Subject: Re: is there a statistician in the house? (long)
From: "Stephen J. Turnbull" <>
Date: Fri, 11 Mar 2005 17:50:23 +0900

>>>>> "Marshall" == Marshall W Van Alstyne <marshall@MIT.EDU> writes:

    Marshall> 3) Gaming reputations.  The bad news is that this will
    Marshall> always be a problem.  In fact, there's a nice theorem in
    Marshall> info econ and mechanism design that states it is
    Marshall> impossible so simultaneously achieve (i) truthful
    Marshall> revelation of preferences (ii) voluntary participation
    Marshall> of all players (iii) robustness to coalitions who seek
    Marshall> to subvert the mechanism and (vi) budget balance
    Marshall> (roughly meaning that if you want the truth, you may
    Marshall> have to subsidize it in ways that generate losses).

This is basically correct, but you're missing some conditions which
put fairly strict requirements on the desirability of the outcomes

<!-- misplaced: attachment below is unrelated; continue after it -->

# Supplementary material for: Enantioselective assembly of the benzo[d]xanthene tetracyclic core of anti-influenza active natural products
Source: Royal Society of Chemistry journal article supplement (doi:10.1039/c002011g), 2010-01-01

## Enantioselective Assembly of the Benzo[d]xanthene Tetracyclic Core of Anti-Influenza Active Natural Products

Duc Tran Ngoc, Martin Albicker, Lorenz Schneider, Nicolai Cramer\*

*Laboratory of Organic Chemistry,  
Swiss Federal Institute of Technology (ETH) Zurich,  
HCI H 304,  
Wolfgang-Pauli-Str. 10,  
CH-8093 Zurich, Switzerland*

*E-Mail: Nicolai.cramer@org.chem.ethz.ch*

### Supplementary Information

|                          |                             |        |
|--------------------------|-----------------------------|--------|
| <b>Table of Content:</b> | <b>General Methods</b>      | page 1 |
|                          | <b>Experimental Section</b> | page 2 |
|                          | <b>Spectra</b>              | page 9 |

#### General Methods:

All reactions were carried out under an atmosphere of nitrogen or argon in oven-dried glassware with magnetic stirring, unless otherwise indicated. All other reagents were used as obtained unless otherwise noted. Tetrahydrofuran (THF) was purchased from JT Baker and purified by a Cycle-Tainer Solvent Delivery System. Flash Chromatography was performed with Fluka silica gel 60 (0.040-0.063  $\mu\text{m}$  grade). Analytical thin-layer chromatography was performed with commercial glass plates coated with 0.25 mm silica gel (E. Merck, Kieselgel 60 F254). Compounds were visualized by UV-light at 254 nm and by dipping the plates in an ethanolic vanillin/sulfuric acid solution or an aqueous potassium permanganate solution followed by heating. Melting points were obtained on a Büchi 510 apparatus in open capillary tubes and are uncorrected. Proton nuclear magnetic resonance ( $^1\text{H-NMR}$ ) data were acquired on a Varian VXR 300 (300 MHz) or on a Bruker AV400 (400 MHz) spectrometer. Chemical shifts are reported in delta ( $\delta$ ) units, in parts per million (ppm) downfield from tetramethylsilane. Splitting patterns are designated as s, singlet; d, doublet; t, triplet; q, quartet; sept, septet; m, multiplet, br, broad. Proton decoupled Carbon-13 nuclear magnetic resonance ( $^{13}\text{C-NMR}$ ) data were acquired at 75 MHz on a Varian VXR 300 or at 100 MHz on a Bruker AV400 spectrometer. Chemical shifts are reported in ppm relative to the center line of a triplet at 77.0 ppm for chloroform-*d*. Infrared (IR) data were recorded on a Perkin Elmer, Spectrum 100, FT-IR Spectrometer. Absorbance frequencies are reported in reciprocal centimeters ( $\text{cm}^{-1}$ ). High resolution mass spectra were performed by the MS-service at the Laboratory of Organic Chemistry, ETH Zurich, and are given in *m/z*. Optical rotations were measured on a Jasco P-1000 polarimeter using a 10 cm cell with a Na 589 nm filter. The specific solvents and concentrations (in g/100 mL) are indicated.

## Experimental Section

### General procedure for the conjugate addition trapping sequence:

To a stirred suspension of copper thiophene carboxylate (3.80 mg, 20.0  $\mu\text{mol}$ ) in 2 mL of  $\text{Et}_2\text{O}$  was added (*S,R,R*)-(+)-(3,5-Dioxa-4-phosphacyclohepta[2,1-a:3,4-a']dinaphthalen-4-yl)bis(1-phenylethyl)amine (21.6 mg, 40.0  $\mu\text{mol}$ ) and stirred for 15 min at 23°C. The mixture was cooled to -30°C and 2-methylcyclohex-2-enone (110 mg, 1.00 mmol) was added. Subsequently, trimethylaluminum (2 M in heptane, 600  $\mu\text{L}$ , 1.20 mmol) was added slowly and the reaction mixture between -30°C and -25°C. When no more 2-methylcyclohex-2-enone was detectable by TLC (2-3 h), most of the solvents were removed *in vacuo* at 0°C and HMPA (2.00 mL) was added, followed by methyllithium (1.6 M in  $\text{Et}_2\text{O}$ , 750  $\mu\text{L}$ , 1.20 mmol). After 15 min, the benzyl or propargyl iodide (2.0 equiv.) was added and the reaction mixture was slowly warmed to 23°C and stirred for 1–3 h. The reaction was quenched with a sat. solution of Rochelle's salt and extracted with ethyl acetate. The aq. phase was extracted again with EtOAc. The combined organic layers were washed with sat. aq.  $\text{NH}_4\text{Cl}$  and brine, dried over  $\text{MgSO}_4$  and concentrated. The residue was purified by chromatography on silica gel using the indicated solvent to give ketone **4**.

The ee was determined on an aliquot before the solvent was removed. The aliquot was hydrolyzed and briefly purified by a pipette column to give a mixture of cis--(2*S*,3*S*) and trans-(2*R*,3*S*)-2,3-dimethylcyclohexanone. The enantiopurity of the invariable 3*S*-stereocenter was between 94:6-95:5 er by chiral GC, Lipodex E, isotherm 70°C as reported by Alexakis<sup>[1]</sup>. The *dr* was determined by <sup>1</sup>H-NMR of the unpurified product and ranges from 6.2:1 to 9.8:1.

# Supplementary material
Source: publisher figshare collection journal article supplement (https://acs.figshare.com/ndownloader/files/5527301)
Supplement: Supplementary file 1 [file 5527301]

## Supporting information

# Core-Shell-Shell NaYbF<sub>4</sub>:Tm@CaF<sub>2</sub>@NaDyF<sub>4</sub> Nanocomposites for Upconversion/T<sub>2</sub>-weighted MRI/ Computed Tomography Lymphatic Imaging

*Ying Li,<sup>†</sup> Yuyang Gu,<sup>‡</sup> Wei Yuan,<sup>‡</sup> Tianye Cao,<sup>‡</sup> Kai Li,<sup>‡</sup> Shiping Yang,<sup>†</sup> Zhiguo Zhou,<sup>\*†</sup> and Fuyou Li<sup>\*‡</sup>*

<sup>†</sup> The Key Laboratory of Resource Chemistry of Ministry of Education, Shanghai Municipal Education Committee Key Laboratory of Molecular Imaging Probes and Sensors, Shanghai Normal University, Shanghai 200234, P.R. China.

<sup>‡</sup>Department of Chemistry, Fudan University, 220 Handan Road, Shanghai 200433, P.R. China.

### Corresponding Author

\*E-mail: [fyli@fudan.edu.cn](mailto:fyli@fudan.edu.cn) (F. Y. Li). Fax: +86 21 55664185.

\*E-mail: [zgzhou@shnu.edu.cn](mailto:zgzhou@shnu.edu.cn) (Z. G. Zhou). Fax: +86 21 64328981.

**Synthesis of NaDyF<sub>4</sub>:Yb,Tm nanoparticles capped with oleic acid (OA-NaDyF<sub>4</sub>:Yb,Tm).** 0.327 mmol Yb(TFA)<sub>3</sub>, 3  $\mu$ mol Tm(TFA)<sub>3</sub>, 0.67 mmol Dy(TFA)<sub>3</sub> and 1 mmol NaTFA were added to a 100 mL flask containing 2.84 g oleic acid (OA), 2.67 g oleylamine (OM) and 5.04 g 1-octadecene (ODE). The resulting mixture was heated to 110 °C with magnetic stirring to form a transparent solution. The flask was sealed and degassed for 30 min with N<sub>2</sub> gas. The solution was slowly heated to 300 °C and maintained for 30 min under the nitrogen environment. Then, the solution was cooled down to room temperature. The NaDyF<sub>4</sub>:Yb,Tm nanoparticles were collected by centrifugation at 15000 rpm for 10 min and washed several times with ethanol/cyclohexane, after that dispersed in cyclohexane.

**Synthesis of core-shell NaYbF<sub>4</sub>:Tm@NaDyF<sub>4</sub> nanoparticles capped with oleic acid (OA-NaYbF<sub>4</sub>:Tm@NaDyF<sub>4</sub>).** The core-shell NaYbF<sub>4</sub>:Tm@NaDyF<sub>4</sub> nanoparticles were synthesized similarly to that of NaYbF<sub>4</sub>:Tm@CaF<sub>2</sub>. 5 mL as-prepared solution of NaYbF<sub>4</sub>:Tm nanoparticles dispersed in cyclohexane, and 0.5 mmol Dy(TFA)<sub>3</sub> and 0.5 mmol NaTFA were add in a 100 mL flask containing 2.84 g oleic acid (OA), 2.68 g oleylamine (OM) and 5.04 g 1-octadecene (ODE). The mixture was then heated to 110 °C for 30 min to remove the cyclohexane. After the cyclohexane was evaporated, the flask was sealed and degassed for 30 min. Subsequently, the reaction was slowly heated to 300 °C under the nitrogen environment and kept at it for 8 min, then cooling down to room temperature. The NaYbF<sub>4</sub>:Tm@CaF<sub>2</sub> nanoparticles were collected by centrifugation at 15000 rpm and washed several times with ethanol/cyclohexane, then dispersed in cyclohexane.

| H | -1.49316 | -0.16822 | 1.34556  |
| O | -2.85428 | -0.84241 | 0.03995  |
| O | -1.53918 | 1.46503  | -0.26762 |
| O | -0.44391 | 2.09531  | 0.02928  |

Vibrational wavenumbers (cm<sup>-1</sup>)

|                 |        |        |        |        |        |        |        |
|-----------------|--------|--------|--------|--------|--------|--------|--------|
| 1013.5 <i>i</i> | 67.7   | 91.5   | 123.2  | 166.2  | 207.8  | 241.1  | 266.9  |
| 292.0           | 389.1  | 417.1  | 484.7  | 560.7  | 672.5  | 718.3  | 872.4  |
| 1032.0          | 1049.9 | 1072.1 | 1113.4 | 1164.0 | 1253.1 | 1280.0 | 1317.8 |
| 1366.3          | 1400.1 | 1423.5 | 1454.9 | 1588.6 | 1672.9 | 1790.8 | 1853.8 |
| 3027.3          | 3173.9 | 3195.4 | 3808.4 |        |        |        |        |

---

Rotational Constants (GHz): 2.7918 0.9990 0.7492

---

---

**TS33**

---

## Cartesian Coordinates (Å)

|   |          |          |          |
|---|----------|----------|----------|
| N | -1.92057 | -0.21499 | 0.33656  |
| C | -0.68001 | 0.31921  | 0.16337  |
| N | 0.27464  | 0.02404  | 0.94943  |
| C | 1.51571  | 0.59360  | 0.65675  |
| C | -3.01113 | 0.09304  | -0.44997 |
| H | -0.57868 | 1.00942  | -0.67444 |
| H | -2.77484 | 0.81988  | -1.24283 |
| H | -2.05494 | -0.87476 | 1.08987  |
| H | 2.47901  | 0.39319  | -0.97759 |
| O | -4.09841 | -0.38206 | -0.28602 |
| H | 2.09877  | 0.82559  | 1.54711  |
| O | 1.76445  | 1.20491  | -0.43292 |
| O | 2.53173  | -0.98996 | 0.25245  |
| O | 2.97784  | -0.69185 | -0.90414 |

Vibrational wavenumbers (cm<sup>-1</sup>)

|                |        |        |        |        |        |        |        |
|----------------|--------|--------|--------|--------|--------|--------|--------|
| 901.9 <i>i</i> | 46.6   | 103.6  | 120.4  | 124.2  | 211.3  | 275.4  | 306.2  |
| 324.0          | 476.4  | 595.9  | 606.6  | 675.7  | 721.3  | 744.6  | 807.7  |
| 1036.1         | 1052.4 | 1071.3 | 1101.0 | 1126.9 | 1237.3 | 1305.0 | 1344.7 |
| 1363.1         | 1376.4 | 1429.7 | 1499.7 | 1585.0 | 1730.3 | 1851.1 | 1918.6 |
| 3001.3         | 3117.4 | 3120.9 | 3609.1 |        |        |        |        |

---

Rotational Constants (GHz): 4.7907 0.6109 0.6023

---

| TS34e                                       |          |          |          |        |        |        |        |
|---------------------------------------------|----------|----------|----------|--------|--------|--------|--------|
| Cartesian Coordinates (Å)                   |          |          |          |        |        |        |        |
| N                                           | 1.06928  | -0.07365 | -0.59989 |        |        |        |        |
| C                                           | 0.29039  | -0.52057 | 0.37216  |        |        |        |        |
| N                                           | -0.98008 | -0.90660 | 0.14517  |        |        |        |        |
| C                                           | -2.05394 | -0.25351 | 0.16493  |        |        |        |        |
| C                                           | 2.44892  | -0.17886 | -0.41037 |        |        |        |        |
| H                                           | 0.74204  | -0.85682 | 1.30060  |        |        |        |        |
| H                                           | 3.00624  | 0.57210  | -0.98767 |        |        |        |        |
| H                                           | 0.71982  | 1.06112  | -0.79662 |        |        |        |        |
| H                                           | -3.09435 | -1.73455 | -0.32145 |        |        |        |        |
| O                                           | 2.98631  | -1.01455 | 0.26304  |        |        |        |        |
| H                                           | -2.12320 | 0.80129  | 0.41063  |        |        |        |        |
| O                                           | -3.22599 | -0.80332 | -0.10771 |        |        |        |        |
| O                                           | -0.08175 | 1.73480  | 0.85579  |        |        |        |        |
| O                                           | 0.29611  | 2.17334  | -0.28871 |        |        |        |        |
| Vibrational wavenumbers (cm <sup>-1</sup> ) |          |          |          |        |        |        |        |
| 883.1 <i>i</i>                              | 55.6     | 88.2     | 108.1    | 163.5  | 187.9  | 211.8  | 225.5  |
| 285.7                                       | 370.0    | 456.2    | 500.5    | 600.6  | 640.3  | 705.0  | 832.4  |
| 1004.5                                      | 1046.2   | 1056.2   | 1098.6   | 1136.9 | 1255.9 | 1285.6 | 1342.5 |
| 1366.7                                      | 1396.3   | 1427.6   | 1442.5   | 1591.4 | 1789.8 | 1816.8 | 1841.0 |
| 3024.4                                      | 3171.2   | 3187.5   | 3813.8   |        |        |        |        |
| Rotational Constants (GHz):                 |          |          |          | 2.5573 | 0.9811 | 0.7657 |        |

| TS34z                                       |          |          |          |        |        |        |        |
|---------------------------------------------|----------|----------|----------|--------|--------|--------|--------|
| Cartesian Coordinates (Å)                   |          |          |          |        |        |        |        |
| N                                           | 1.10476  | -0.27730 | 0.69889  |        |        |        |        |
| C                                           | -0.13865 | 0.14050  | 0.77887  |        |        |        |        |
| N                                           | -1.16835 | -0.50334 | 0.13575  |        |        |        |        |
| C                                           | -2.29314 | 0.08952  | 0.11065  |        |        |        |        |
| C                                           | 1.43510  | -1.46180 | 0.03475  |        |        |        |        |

selected.  (Trivial example: the constant "do nothing" mechanism has
truthful revelation as a dominant strategy, and satisfies i-iv.)

There are alternative approaches to mechanism design which ask
"suppose we demand truthful revelation, then what outcomes can we
achieve?"  I suspect Seth is in this camp, aka "the theory of
incentive-constrained optimization".  Usually the constrained optimum
is substantially better than "do nothing."

There are also approaches which don't worry about truthful revelation,
but simply treat everything as strategic, and look at how well the
outcomes achieved satisfy the desiderata.  Again, you can usually do a
lot better than "do nothing".

Institute of Policy and Planning Sciences
University of Tsukuba                    Tennodai 1-1-1 Tsukuba 305-8573 JAPAN
               Ask not how you can "do" free software business;
              ask what your business can "do for" free software.